The bolometric output and host-galaxy properties of obscured AGN in the XMM-COSMOS survey
Key Words.:galaxies: active – galaxies: evolution – quasars: general – methods: statistical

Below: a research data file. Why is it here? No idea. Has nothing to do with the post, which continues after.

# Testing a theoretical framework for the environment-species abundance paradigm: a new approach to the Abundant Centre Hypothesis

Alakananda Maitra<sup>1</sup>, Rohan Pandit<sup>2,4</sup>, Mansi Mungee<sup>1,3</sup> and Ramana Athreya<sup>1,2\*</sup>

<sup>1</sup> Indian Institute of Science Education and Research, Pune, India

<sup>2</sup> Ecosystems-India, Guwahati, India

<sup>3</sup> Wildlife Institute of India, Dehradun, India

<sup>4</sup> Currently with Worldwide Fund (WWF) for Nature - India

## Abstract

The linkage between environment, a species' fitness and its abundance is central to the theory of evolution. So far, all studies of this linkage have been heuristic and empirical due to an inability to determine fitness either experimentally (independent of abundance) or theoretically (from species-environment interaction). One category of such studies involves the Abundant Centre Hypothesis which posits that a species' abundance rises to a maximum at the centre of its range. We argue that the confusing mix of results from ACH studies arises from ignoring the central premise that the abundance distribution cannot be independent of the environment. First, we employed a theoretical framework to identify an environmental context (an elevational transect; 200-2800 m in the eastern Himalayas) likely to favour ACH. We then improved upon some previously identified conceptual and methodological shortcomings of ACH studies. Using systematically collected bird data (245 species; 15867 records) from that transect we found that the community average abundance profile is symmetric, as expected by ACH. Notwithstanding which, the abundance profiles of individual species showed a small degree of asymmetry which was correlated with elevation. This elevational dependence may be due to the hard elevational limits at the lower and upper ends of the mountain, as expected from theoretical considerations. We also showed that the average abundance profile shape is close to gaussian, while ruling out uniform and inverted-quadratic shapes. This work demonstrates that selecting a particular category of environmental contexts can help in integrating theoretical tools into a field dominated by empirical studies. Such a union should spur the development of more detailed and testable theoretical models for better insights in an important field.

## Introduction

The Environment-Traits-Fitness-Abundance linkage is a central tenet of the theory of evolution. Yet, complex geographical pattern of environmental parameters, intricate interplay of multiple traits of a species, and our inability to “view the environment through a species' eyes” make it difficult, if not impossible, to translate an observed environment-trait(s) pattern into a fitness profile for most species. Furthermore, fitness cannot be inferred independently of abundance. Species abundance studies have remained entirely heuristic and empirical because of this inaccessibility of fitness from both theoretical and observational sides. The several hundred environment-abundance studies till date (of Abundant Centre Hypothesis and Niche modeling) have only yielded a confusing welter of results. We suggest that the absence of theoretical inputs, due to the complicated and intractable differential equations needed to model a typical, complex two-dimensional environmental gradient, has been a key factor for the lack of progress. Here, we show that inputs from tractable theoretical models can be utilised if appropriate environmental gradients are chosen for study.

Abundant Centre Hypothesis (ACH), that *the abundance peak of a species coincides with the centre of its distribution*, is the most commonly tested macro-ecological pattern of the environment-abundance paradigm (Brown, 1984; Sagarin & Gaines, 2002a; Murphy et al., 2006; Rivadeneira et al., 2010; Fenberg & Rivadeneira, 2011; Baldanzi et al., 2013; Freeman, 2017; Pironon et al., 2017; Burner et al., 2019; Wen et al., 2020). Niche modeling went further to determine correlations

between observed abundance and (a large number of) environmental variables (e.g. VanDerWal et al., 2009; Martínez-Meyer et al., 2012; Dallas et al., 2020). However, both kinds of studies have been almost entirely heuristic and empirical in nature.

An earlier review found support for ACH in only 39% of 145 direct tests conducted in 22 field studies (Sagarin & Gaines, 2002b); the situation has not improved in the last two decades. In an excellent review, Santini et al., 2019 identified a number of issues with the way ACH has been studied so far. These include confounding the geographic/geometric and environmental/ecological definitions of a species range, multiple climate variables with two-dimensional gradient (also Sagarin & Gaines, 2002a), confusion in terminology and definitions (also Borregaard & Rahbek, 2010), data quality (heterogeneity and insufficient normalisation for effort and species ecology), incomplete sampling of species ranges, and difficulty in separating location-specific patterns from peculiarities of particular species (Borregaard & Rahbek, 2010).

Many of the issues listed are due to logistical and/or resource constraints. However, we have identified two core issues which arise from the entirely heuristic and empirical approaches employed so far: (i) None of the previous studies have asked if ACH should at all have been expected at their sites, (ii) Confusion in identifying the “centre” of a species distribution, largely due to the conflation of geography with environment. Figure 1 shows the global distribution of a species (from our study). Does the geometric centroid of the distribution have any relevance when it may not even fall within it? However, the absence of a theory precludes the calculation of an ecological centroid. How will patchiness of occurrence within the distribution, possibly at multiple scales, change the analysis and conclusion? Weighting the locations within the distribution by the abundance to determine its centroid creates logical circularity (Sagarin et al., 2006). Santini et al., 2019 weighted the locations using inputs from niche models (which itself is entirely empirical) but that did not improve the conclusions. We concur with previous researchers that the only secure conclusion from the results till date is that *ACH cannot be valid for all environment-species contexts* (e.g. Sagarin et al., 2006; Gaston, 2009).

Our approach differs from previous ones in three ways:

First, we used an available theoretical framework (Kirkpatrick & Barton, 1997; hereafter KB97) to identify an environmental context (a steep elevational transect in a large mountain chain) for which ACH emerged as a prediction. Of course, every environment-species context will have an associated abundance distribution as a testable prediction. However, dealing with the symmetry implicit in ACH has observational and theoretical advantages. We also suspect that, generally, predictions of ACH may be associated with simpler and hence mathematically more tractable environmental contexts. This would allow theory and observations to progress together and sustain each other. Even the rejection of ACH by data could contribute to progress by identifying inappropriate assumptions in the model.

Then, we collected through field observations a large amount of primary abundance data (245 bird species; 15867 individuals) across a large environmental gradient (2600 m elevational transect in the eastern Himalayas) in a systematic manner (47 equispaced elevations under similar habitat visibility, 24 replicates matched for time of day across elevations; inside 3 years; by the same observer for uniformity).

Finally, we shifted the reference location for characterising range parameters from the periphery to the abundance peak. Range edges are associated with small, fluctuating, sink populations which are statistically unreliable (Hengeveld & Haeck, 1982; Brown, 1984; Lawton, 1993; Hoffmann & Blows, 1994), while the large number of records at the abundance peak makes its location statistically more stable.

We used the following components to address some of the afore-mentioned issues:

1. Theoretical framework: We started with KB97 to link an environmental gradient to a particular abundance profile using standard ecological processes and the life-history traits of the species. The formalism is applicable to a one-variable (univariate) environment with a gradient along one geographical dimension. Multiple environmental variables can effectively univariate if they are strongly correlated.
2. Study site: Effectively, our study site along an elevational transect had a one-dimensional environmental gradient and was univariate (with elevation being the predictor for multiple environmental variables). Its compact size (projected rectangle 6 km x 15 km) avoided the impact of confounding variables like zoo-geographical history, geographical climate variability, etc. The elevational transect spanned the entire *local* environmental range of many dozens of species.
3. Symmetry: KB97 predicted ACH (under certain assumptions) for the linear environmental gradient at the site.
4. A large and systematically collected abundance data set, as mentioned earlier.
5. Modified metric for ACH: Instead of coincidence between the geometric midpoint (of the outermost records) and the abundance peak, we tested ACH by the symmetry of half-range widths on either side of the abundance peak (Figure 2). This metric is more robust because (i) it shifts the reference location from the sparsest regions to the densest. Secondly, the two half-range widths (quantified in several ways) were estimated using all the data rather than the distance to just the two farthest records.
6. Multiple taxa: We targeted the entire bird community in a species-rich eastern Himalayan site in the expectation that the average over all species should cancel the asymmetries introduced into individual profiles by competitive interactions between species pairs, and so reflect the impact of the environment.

We present a study of the multi-wavelength properties, from the mid-infrared to the hard X–rays, of a sample of 255 spectroscopically identified X–ray selected Type-2 AGN from the XMM-COSMOS survey. Most of them are obscured the X–ray absorbing column density is determined by either X–ray spectral analyses (for the 45% of the sample), or from hardness ratios. Spectral Energy Distributions (SEDs) are computed for all sources in the sample. The average SEDs in the optical band is dominated by the host-galaxy light, especially at low X–ray luminosities and redshifts. There is also a trend between X–ray and mid-infrared luminosity: the AGN contribution in the infrared is higher at higher X–ray luminosities. We calculate bolometric luminosities, bolometric corrections, stellar masses and star formation rates (SFRs) for these sources using a multi-component modeling to properly disentangle the emission associated to stellar light from that due to black hole accretion. For 90% of the sample we also have the morphological classifications obtained with an upgraded version of the Zurich Estimator of Structural Types (ZEST+). We find that on average Type-2 AGN have lower bolometric corrections than Type-1 AGN. Moreover, we confirm that the morphologies of AGN host-galaxies indicate that there is a preference for these Type-2 AGN to be hosted in bulge-dominated galaxies with stellar masses greater than solar masses.